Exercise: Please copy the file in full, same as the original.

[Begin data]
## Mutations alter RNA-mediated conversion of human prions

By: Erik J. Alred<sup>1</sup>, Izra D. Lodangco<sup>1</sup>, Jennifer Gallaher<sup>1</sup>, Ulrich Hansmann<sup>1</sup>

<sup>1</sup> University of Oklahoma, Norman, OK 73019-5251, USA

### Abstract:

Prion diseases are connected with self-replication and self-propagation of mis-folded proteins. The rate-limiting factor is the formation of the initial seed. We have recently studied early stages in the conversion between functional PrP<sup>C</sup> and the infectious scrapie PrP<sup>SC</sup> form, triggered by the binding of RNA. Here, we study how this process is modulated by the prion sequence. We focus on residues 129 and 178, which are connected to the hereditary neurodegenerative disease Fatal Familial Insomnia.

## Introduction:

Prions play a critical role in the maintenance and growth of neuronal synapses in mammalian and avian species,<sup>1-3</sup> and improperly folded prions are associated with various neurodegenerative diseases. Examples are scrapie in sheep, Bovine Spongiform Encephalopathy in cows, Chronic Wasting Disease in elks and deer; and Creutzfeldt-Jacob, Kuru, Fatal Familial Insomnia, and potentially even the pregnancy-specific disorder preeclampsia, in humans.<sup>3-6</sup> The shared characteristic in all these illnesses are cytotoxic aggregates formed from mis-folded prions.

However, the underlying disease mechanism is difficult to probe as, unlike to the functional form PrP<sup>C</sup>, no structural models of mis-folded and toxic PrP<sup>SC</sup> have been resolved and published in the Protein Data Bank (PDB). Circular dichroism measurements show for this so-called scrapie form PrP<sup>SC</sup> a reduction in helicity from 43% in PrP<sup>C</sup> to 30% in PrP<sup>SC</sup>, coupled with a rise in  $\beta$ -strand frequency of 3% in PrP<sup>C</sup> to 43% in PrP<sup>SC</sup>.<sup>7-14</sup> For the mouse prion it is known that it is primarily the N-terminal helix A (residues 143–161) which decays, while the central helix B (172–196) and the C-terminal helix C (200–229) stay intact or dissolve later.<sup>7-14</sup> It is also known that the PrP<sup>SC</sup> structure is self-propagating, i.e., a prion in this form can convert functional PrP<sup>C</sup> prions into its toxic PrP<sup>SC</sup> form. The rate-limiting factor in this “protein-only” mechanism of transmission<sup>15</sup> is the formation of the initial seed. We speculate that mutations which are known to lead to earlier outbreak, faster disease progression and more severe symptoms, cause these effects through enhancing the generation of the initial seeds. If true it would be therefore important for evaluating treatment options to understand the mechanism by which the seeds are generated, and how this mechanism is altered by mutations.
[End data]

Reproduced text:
## Mutations alter RNA-mediated conversion of human prions

By: Erik J. Alred<sup>1</sup>, Izra D. Lodangco<sup>1</sup>, Jennifer Gallaher<sup>1</sup>, Ulrich Hansmann<sup>1</sup>

<sup>1</sup> University of Oklahoma, Norman, OK 73019-5251, USA

### Abstract:

Prion diseases are connected with self-replication and self-propagation of mis-folded proteins. The rate-limiting factor is the formation of the initial seed. We have recently studied early stages in the conversion between functional PrP<sup>C</sup> and the infectious scrapie PrP<sup>SC</sup> form, triggered by the binding of RNA. Here, we study how this process is modulated by the prion sequence. We focus on residues 129 and 178, which are connected to the hereditary neurodegenerative disease Fatal Familial Insomnia.

## Introduction:

Prions play a critical role in the maintenance and growth of neuronal synapses in mammalian and avian species,<sup>1-3</sup> and improperly folded prions are associated with various neurodegenerative diseases. Examples are scrapie in sheep, Bovine Spongiform Encephalopathy in cows, Chronic Wasting Disease in elks and deer; and Creutzfeldt-Jacob, Kuru, Fatal Familial Insomnia, and potentially even the pregnancy-specific disorder preeclampsia, in humans.<sup>3-6</sup> The shared characteristic in all these illnesses are cytotoxic aggregates formed from mis-folded prions.

However, the underlying disease mechanism is difficult to probe as, unlike to the functional form PrP<sup>C</sup>, no structural models of mis-folded and toxic PrP<sup>SC</sup> have been resolved and published in the Protein Data Bank (PDB). Circular dichroism measurements show for this so-called scrapie form PrP<sup>SC</sup> a reduction in helicity from 43% in PrP<sup>C</sup> to 30% in PrP<sup>SC</sup>, coupled with a rise in  $\beta$ -strand frequency of 3% in PrP<sup>C</sup> to 43% in PrP<sup>SC</sup>.<sup>7-14</sup> For the mouse prion it is known that it is primarily the N-terminal helix A (residues 143–161) which decays, while the central helix B (172–196) and the C-terminal helix C (200–229) stay intact or dissolve later.<sup>7-14</sup> It is also known that the PrP<sup>SC</sup> structure is self-propagating, i.e., a prion in this form can convert functional PrP<sup>C</sup> prions into its toxic PrP<sup>SC</sup> form. The rate-limiting factor in this “protein-only” mechanism of transmission<sup>15</sup> is the formation of the initial seed. We speculate that mutations which are known to lead to earlier outbreak, faster disease progression and more severe symptoms, cause these effects through enhancing the generation of the initial seeds. If true it would be therefore important for evaluating treatment options to understand the mechanism by which the seeds are generated, and how this mechanism is altered by mutations.